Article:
“So … is it okay if I touch it?” he asked.
I smiled and replied “Yes, people have been touching Torahs for thousands of years”
He went beyond his normal service duties and helped me carefully wrap and pack the Torah securely into the box. We decided to list the Torah under Fine Arts and insured the package using its declared value. I thanked him immensely for his help.
The Torah made its way to Savannah, arriving safely within the next two days to the delight of the community – and now, I can officially add “Torah Shipping” to my resume. So if you by chance have found this post by Googling “shipping a Torah”, please send me an e-mail and I’d be happy to share what I’ve learned!
Questions about shipping golf clubs? You may be best to try someone else.
Skype. Gchat. iPhone.
These are some of my primary tools in my modern Jewish education career.
Utilizing technology is important for pretty much all Jewish educators these days, but when you’re serving an entire region, they become more than enriching add-ons. They become absolute necessities.
I work as a virtual supervisor (not a term that was thrown around much back when I was in grad school at HUC!). That means that while I’m based in San Antonio Texas, the other ten people in my department are based out of the ISJL office in Jackson, Mississippi. When I first took on this role, I admit that I worried: what if my staff didn’t get what they needed from me. Mentorship is so important, and I want to always be a good supervisor to my staff.
But then I recalled my previous professional settings where I had supervisors who were sitting just inches away, and yet remained completely unavailable to me. I began realizing that meaningful connection isn’t just about physical presence, though that is important (and I do fly to Jackson quite frequently). It’s about mental presence. It’s about tuning in, and being responsive, and being accessible. Reachable, even if that means leaning pretty heavily on technology. Most of all, it’s about communication. And so that’s what I’ve committed to: being an always-mentally-present supervisor even when I wasn’t always physically present.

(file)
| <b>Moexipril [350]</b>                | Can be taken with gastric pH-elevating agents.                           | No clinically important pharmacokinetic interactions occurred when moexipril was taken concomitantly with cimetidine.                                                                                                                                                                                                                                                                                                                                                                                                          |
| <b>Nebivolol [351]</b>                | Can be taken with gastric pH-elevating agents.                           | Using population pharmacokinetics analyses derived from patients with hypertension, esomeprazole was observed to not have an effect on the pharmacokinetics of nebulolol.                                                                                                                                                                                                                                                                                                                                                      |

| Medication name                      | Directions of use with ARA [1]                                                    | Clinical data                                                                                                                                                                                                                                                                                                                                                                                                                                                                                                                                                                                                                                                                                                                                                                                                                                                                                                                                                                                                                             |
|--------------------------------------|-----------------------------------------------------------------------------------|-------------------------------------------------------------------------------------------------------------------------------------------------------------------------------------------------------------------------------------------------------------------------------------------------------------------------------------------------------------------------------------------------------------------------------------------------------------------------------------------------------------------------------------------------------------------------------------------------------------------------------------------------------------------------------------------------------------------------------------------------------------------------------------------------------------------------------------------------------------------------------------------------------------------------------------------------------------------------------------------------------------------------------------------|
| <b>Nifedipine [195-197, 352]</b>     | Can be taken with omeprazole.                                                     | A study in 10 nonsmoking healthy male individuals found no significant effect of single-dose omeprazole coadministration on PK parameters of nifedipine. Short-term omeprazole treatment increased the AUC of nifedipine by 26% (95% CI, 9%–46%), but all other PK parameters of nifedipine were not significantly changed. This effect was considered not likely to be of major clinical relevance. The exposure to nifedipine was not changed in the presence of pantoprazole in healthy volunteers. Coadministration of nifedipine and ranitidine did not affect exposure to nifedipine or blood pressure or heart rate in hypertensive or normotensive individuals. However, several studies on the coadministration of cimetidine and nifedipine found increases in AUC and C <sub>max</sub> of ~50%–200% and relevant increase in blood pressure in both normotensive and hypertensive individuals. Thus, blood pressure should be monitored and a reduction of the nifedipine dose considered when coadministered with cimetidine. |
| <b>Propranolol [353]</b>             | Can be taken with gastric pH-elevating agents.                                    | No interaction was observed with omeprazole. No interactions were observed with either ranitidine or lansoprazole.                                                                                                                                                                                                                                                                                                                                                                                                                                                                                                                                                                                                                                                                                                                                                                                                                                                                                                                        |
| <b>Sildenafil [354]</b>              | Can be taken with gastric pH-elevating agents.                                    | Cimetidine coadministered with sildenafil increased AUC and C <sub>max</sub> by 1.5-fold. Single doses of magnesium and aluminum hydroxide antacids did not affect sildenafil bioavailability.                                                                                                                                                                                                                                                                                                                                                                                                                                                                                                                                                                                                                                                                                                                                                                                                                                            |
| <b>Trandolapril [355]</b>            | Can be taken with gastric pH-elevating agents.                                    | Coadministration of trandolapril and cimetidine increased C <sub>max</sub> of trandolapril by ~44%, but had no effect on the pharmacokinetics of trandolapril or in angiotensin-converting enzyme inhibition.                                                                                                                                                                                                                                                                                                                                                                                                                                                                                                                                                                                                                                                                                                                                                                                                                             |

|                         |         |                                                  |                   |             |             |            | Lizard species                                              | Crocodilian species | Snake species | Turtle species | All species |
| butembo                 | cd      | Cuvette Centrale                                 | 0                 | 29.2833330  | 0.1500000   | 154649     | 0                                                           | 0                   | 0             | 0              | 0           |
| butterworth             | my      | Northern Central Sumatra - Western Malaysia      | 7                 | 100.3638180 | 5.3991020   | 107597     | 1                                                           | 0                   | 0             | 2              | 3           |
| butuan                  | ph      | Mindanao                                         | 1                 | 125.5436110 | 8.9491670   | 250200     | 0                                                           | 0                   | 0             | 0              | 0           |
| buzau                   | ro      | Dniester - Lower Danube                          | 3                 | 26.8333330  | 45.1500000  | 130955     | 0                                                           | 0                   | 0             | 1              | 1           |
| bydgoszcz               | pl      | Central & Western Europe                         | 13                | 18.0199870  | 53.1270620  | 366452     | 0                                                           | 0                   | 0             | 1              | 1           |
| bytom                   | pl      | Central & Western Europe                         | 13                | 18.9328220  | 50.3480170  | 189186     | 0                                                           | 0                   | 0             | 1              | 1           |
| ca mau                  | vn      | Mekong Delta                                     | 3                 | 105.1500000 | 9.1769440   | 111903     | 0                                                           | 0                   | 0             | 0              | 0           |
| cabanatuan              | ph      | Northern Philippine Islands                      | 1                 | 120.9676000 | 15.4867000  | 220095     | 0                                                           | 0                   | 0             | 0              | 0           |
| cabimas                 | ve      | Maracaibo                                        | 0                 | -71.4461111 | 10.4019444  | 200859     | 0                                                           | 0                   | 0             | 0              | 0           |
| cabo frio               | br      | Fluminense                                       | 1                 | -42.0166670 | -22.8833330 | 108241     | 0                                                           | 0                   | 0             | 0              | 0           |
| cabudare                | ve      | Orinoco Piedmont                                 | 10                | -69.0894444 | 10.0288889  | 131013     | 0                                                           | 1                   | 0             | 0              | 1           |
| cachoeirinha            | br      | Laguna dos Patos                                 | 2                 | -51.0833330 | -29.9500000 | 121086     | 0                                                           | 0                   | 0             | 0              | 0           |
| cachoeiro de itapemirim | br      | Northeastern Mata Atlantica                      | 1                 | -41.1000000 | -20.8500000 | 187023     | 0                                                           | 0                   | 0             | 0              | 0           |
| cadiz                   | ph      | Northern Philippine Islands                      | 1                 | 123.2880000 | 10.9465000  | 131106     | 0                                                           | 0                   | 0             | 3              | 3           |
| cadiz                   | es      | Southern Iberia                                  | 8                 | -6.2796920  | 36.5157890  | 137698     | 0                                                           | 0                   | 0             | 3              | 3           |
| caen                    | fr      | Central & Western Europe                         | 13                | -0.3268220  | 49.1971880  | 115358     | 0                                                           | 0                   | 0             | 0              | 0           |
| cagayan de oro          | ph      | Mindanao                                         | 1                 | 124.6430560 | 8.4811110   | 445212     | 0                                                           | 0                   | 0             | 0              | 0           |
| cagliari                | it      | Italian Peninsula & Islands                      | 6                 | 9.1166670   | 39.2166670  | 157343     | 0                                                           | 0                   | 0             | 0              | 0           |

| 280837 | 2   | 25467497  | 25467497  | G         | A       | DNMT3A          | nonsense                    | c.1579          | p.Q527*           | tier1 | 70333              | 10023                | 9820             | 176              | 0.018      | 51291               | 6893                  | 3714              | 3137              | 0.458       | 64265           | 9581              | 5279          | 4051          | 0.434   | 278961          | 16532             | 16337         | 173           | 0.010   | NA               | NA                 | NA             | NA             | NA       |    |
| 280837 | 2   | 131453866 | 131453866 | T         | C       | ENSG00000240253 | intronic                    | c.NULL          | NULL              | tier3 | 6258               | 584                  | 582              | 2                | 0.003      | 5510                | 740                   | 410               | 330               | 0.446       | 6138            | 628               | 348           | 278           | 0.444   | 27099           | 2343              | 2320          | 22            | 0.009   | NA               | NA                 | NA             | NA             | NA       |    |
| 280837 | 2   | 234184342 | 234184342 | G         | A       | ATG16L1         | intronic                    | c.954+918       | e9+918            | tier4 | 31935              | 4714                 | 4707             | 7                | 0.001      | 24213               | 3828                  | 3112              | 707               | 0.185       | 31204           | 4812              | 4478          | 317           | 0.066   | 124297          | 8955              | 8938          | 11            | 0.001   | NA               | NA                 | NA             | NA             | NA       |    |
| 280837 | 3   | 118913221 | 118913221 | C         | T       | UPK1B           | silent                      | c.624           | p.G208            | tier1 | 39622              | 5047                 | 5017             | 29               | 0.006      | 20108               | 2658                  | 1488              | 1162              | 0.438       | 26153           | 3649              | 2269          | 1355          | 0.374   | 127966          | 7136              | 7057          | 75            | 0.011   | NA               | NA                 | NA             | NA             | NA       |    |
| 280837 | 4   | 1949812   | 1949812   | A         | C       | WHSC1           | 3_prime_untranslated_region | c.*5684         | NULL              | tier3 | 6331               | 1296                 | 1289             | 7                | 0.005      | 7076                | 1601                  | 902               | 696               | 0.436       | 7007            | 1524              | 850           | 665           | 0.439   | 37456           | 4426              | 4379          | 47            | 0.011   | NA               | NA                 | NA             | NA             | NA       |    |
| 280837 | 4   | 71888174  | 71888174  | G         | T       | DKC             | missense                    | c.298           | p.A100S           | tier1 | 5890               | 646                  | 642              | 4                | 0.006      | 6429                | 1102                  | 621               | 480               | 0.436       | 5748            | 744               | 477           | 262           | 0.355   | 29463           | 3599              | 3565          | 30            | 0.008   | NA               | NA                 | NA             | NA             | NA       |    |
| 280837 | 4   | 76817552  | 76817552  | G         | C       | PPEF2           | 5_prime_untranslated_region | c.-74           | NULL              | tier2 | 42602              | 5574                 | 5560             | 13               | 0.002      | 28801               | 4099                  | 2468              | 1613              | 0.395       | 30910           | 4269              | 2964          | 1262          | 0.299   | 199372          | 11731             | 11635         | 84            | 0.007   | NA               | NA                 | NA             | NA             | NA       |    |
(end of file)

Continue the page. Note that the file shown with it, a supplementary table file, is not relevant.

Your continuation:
The way I work with my staff mirrors the way we work with our Southern communities, often quite far-flung, and ensure their positive Jewish experiences. My unconventional supervision succeeds because it fits with this model. My staff is constantly on the road, serving nearly 80 congregational schools. We guide hundreds of teachers and reach thousands of students, from afar – but again, thanks to email and messaging and video conferences, we are always in touch.
Each community we serve receives a weekly email from their fellow. We distribute a monthly e-newsletter from the department. We are on daily calls, webinars and Skype sessions with our communities. Most importantly, we see them three times a year, and we make every moment count. When we aren’t teaching or leading a program, we are celebrating Shabbat with families at their dinner tables, we attend birthday parties for the children of the congregation, and we schmooze in the homes of our host families.
We have the privilege of becoming part of the community – and technology helps make it possible. Particularly in a region like the South, where there are more small Jewish communities than large ones, and often many miles separating these communities, anything that helps strengthen connections and communication between people is truly a blessing.
Hmm. Anyone know a good bracha for kicking off my next Skype session?
People worry that this age of technology is creating distance between people. For us, it allows our impact and contact to be greater. How do you use technology to connect to others? We would love to hear your stories and comments.